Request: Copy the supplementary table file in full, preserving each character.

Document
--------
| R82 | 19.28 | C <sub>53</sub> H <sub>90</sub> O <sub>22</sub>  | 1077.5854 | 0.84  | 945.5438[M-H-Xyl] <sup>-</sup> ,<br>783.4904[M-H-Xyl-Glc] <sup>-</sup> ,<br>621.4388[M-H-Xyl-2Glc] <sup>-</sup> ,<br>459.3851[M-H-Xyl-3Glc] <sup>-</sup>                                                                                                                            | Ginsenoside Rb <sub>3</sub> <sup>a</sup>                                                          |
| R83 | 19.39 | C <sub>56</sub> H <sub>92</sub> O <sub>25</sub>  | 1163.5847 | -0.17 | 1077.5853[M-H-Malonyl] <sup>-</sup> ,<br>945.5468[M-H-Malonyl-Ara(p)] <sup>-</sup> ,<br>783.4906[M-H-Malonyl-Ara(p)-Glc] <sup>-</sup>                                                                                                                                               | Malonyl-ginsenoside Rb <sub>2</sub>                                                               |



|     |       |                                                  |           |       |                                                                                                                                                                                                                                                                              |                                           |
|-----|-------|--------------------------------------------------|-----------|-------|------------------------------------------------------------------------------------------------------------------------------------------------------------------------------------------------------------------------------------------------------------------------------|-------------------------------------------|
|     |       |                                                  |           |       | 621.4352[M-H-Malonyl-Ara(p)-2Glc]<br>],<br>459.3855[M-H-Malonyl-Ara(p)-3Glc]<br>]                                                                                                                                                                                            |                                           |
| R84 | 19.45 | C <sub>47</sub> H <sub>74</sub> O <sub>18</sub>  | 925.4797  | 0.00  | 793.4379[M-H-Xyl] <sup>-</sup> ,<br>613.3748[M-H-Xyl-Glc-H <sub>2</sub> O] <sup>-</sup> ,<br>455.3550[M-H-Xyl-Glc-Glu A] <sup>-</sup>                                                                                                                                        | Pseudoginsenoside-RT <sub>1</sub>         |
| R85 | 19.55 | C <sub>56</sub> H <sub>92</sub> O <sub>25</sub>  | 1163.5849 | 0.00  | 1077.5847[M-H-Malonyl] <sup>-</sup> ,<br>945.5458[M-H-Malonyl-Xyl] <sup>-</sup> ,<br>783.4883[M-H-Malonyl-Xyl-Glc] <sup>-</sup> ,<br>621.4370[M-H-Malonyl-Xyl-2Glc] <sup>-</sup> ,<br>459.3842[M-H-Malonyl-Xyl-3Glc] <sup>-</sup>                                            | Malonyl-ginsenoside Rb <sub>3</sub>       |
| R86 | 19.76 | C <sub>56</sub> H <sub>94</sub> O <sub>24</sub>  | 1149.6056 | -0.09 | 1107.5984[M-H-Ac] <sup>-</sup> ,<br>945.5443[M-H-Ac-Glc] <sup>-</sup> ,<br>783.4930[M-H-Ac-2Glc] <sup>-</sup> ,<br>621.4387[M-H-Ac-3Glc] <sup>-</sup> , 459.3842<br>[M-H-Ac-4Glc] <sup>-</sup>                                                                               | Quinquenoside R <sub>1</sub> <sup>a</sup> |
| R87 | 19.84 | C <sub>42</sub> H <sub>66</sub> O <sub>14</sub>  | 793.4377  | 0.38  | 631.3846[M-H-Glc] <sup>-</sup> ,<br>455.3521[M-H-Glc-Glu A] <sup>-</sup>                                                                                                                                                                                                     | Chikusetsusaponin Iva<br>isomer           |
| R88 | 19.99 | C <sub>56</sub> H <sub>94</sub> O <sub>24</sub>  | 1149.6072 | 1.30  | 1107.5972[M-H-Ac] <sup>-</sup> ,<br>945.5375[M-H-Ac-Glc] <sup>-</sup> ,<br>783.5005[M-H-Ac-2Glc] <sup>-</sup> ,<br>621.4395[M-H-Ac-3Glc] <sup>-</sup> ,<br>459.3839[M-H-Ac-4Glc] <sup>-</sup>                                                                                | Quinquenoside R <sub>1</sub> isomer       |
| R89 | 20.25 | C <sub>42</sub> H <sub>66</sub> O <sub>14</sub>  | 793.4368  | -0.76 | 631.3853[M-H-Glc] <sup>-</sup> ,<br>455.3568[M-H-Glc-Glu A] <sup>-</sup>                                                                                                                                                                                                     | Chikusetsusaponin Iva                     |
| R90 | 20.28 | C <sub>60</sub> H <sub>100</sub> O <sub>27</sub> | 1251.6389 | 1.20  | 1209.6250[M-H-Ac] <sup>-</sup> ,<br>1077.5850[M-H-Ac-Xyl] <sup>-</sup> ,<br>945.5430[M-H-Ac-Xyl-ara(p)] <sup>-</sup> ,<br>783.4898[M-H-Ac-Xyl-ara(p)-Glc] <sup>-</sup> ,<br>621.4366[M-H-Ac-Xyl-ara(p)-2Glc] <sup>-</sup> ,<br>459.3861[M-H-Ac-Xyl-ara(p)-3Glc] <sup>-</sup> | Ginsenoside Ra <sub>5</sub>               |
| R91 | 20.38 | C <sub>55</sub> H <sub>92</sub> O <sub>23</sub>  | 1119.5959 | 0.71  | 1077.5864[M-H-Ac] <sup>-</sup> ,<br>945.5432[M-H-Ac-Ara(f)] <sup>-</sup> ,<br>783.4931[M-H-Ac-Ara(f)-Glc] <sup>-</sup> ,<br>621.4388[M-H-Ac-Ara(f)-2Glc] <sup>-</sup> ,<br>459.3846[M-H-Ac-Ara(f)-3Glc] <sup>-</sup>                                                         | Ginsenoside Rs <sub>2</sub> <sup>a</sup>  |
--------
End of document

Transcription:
| R82 | 19.28 | C <sub>53</sub> H <sub>90</sub> O <sub>22</sub>  | 1077.5854 | 0.84  | 945.5438[M-H-Xyl] <sup>-</sup> ,<br>783.4904[M-H-Xyl-Glc] <sup>-</sup> ,<br>621.4388[M-H-Xyl-2Glc] <sup>-</sup> ,<br>459.3851[M-H-Xyl-3Glc] <sup>-</sup>                                                                                                                            | Ginsenoside Rb <sub>3</sub> <sup>a</sup>                                                          |
| R83 | 19.39 | C <sub>56</sub> H <sub>92</sub> O <sub>25</sub>  | 1163.5847 | -0.17 | 1077.5853[M-H-Malonyl] <sup>-</sup> ,<br>945.5468[M-H-Malonyl-Ara(p)] <sup>-</sup> ,<br>783.4906[M-H-Malonyl-Ara(p)-Glc] <sup>-</sup>                                                                                                                                               | Malonyl-ginsenoside Rb <sub>2</sub>                                                               |



|     |       |                                                  |           |       |                                                                                                                                                                                                                                                                              |                                           |
|-----|-------|--------------------------------------------------|-----------|-------|------------------------------------------------------------------------------------------------------------------------------------------------------------------------------------------------------------------------------------------------------------------------------|-------------------------------------------|
|     |       |                                                  |           |       | 621.4352[M-H-Malonyl-Ara(p)-2Glc]<br>],<br>459.3855[M-H-Malonyl-Ara(p)-3Glc]<br>]                                                                                                                                                                                            |                                           |
| R84 | 19.45 | C <sub>47</sub> H <sub>74</sub> O <sub>18</sub>  | 925.4797  | 0.00  | 793.4379[M-H-Xyl] <sup>-</sup> ,<br>613.3748[M-H-Xyl-Glc-H <sub>2</sub> O] <sup>-</sup> ,<br>455.3550[M-H-Xyl-Glc-Glu A] <sup>-</sup>                                                                                                                                        | Pseudoginsenoside-RT <sub>1</sub>         |
| R85 | 19.55 | C <sub>56</sub> H <sub>92</sub> O <sub>25</sub>  | 1163.5849 | 0.00  | 1077.5847[M-H-Malonyl] <sup>-</sup> ,<br>945.5458[M-H-Malonyl-Xyl] <sup>-</sup> ,<br>783.4883[M-H-Malonyl-Xyl-Glc] <sup>-</sup> ,<br>621.4370[M-H-Malonyl-Xyl-2Glc] <sup>-</sup> ,<br>459.3842[M-H-Malonyl-Xyl-3Glc] <sup>-</sup>                                            | Malonyl-ginsenoside Rb <sub>3</sub>       |
| R86 | 19.76 | C <sub>56</sub> H <sub>94</sub> O <sub>24</sub>  | 1149.6056 | -0.09 | 1107.5984[M-H-Ac] <sup>-</sup> ,<br>945.5443[M-H-Ac-Glc] <sup>-</sup> ,<br>783.4930[M-H-Ac-2Glc] <sup>-</sup> ,<br>621.4387[M-H-Ac-3Glc] <sup>-</sup> , 459.3842<br>[M-H-Ac-4Glc] <sup>-</sup>                                                                               | Quinquenoside R <sub>1</sub> <sup>a</sup> |
| R87 | 19.84 | C <sub>42</sub> H <sub>66</sub> O <sub>14</sub>  | 793.4377  | 0.38  | 631.3846[M-H-Glc] <sup>-</sup> ,<br>455.3521[M-H-Glc-Glu A] <sup>-</sup>                                                                                                                                                                                                     | Chikusetsusaponin Iva<br>isomer           |
| R88 | 19.99 | C <sub>56</sub> H <sub>94</sub> O <sub>24</sub>  | 1149.6072 | 1.30  | 1107.5972[M-H-Ac] <sup>-</sup> ,<br>945.5375[M-H-Ac-Glc] <sup>-</sup> ,<br>783.5005[M-H-Ac-2Glc] <sup>-</sup> ,<br>621.4395[M-H-Ac-3Glc] <sup>-</sup> ,<br>459.3839[M-H-Ac-4Glc] <sup>-</sup>                                                                                | Quinquenoside R <sub>1</sub> isomer       |
| R89 | 20.25 | C <sub>42</sub> H <sub>66</sub> O <sub>14</sub>  | 793.4368  | -0.76 | 631.3853[M-H-Glc] <sup>-</sup> ,<br>455.3568[M-H-Glc-Glu A] <sup>-</sup>                                                                                                                                                                                                     | Chikusetsusaponin Iva                     |
| R90 | 20.28 | C <sub>60</sub> H <sub>100</sub> O <sub>27</sub> | 1251.6389 | 1.20  | 1209.6250[M-H-Ac] <sup>-</sup> ,<br>1077.5850[M-H-Ac-Xyl] <sup>-</sup> ,<br>945.5430[M-H-Ac-Xyl-ara(p)] <sup>-</sup> ,<br>783.4898[M-H-Ac-Xyl-ara(p)-Glc] <sup>-</sup> ,<br>621.4366[M-H-Ac-Xyl-ara(p)-2Glc] <sup>-</sup> ,<br>459.3861[M-H-Ac-Xyl-ara(p)-3Glc] <sup>-</sup> | Ginsenoside Ra <sub>5</sub>               |
| R91 | 20.38 | C <sub>55</sub> H <sub>92</sub> O <sub>23</sub>  | 1119.5959 | 0.71  | 1077.5864[M-H-Ac] <sup>-</sup> ,<br>945.5432[M-H-Ac-Ara(f)] <sup>-</sup> ,<br>783.4931[M-H-Ac-Ara(f)-Glc] <sup>-</sup> ,<br>621.4388[M-H-Ac-Ara(f)-2Glc] <sup>-</sup> ,<br>459.3846[M-H-Ac-Ara(f)-3Glc] <sup>-</sup>                                                         | Ginsenoside Rs <sub>2</sub> <sup>a</sup>  |